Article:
Thursday, August 28, 2008

Old Iron. Machines that you just had to know how to work.




I was spending some time with Harrell Snodgrass the other day, and the subject of his retirement came up. It occurred to me that when Harrell retires, it will truly be the end of an era.

When I was a kid, there was a machine shop in the old wooden building in the lumber yard that the Southern Humboldt Building supply is in today. The place was a bustling, booming business. I don't know how many people worked there, but it was apparent that they needed a larger, more modern building, so they built a new metal covered shed just south of the town of Redway. The company at the time was called the Armfield Machine Shop. They specialized in making things out of machined metal. I’m writing this all from the memory of when I was a little kid, so I guess that I’ll have to warn you that this is mostly “Bullshistory”, in case Jim Baker is reading. He won’t let me get it wrong.

As I said, the business was bustling, there were many sawmills and logging operations in the area, and “The Machine shop” as it was known, was kept very busy. A man by the name of Burrell Lewis and his wife owned the shop. Up until they sold it to Harrell in the early seventies. Back it the sixties, I remember, that is where we went to have our chokers, and bull lines made. We got our welding tanks there. Whenever we had a welding job that was to big for us, the Machine Shop would send out a heavy duty welder. Often we had to have a shaft or a drift pin made, and they would turn one out on one of their lathes. The Machine shop was what kept the sawmills and logging operations around here working.

The reason that I say that it is the end of an era is, much of the same equipment that I remember as a child is still being used today. The machinery is probably more valuable as museum pieces than it is actual value. At any rate, I consider the equipment as being quite valuable. The machinery is so heavy that it would be difficult to move.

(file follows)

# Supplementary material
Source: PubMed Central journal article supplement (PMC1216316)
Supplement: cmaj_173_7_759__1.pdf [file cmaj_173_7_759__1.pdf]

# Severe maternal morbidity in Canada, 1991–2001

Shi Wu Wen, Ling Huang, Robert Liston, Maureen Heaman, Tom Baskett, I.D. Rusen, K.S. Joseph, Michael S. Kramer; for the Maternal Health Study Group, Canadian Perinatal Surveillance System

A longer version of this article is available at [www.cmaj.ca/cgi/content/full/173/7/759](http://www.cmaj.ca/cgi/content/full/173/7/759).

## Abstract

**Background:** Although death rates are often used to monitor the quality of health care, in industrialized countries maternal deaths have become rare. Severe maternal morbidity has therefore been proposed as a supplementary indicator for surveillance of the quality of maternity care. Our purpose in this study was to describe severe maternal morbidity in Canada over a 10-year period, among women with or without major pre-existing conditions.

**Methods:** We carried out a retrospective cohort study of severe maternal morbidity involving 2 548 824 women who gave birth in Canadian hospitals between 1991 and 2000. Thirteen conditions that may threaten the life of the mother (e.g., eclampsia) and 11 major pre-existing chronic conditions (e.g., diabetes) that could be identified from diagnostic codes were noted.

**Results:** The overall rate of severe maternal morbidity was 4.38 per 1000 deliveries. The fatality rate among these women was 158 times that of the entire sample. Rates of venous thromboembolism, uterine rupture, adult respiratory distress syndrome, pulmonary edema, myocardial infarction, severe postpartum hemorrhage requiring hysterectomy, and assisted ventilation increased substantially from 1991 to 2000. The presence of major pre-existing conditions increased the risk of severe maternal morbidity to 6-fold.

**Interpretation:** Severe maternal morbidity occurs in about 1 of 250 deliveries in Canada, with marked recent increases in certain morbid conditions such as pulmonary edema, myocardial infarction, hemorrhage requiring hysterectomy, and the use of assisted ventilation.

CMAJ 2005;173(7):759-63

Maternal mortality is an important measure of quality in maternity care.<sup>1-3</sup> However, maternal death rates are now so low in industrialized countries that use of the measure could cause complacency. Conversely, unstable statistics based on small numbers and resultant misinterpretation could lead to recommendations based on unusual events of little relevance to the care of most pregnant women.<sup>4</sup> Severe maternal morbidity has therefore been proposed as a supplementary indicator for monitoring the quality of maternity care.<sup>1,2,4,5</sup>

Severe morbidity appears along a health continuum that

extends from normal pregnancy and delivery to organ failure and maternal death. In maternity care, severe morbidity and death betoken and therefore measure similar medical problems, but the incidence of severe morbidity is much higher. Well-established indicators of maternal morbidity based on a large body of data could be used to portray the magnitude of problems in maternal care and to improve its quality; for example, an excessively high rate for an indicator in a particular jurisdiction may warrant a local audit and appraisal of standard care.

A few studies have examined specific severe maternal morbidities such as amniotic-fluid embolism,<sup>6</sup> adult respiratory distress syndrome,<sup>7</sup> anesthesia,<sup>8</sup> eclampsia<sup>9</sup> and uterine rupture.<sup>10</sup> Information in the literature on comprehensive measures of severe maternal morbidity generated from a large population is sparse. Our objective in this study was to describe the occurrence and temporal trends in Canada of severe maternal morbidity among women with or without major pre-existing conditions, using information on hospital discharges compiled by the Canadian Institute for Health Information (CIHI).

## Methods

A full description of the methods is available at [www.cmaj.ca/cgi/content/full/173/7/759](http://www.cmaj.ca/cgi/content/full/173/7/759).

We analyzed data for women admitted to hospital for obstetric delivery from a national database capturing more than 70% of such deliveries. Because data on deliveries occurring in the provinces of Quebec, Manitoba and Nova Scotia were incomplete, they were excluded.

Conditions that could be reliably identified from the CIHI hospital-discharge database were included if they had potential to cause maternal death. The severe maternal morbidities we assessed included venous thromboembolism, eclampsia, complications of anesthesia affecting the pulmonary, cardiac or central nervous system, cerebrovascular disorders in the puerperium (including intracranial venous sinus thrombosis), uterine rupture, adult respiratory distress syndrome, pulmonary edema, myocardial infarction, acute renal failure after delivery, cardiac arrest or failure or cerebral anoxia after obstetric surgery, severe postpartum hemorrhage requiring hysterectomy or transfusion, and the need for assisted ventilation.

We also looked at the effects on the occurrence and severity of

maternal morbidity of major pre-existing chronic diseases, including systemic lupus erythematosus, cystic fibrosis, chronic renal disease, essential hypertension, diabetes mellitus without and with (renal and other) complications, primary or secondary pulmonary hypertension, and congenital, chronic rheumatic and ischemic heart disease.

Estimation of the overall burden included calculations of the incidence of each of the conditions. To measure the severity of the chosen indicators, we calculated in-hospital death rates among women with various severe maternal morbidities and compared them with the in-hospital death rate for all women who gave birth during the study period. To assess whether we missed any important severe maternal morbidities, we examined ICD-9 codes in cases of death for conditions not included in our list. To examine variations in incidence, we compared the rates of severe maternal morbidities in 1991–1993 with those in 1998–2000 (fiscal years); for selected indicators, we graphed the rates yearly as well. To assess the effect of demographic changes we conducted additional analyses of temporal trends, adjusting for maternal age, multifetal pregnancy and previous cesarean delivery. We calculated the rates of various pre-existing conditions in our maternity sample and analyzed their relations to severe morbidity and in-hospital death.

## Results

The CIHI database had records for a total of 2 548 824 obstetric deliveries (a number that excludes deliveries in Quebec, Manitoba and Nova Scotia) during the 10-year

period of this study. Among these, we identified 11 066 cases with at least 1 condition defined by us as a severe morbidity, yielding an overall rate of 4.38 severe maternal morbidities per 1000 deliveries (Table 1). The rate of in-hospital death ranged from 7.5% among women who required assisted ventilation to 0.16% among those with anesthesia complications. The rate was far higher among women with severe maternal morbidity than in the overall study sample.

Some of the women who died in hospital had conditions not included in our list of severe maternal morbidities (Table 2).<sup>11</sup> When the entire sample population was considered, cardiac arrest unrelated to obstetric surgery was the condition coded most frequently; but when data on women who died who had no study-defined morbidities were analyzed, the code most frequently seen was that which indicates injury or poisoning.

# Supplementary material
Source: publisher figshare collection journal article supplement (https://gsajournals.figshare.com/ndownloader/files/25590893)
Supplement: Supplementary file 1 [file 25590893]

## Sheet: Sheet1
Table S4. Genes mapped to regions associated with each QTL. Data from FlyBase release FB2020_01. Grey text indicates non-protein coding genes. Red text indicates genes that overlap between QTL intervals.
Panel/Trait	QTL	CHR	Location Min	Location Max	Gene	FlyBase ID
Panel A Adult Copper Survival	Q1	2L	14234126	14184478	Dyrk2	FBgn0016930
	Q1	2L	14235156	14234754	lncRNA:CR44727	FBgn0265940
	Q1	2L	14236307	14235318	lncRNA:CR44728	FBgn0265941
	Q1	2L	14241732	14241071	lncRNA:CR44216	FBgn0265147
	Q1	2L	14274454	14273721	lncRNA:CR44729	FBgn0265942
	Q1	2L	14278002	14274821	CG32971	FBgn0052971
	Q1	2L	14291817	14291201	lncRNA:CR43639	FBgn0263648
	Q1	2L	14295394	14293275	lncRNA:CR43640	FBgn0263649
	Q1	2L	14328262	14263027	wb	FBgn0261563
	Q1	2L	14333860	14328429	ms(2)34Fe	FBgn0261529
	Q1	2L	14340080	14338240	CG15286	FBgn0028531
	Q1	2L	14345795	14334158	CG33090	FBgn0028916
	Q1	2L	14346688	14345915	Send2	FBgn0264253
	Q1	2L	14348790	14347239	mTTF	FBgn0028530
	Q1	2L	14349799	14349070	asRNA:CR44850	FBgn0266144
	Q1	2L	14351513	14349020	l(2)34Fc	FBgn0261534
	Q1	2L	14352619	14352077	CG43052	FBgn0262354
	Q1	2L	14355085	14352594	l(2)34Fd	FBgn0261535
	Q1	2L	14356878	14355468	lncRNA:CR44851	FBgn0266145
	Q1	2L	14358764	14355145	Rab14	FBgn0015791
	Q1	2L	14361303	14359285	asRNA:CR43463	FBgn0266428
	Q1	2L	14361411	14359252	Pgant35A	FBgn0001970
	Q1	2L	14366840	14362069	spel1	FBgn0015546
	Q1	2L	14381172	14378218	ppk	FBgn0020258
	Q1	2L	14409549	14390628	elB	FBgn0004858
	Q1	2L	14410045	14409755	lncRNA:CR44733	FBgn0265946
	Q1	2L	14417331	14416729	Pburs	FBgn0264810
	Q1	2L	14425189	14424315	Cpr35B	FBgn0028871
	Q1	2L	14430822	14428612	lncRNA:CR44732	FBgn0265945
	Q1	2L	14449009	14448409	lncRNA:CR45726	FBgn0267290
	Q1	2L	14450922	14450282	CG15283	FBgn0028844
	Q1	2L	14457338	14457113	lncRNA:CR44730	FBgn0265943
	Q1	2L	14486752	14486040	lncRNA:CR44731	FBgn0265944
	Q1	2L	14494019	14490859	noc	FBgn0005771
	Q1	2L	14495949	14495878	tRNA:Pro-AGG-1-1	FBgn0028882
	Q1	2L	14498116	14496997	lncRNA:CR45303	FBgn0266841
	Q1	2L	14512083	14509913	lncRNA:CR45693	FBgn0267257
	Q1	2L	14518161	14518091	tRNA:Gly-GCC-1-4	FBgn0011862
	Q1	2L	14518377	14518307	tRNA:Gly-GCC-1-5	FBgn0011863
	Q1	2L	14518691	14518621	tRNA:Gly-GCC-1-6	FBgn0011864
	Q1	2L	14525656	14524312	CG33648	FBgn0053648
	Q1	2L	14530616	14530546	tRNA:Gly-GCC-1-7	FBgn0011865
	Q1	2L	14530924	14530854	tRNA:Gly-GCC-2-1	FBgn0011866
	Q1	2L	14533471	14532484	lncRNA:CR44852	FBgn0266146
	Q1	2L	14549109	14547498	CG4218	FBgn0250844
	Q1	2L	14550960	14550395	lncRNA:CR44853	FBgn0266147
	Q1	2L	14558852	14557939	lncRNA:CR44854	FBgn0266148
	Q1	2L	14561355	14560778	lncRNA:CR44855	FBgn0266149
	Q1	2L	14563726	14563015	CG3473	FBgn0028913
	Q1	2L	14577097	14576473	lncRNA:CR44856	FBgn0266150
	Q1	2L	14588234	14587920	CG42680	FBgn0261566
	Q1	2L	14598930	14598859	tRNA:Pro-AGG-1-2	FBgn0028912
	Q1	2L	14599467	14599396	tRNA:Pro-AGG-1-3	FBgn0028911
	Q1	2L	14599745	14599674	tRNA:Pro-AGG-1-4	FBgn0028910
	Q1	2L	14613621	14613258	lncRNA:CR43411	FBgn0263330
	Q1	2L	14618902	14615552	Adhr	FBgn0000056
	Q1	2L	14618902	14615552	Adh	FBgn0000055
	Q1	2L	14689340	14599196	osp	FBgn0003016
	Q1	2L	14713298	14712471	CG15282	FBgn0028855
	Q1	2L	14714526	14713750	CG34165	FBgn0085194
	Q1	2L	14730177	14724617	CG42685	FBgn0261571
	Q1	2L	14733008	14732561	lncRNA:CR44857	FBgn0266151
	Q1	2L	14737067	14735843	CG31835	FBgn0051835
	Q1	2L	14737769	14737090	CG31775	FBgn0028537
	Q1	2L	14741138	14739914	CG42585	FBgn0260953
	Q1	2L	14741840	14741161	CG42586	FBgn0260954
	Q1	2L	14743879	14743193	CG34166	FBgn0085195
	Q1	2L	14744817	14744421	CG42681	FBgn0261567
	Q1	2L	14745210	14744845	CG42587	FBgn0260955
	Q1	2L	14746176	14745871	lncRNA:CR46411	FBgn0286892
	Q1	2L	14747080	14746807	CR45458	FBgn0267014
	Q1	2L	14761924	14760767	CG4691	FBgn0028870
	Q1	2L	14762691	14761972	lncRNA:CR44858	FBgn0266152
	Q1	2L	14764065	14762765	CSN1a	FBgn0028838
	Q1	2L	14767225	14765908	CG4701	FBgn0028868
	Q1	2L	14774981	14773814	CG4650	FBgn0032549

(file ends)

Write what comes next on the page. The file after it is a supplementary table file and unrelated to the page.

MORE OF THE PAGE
When I first started doing refrigeration service back in May of 1964, I would take the worn out belt drive refrigeration motors in to Burrell, and he would pull them apart and put new bushings in them. Then he would turn the motor shaft to true it and line bore the bushings to fit the shaft. He would cut oil grooves in the bushings and put the motor back together again. The motor would be good for another three or four years then we would do it all over again.

If you click on the pictures, they will greatly enlarge, and you will be able to see the detail of the machinery.

These photos are of a large size drill press. The beer can on the drill table was placed there so you could tell the size of the drill bits.

If you look at the object table of the drill press, you can see that it will raise and lower, and it has a large clamp to hold whatever is being drilled in place. As you might guess, a clamp is needed to drill a two inch hole in steel. The machine is a flat belt drive, and if you notice the bottom pulley, it is in many sizes, to change the speed of the drill bit. Different size holes and different metals take different speeds. Nowadays they have a computer to determine those speeds. Back in the olds days you just had to know what speed to use. Harrell knows all of those kinds of things, and they are not being taught anymore.

4 comments:

EkoVox said...

Yes, even I remember that shop when we would drive through Redway on the way to Garberville. There used to be scads of those shops around. In Willow Creek, Hans Hanson ran a machine shop that was based on the logging industry. A small shop for practical use. Probably mostly welding applications.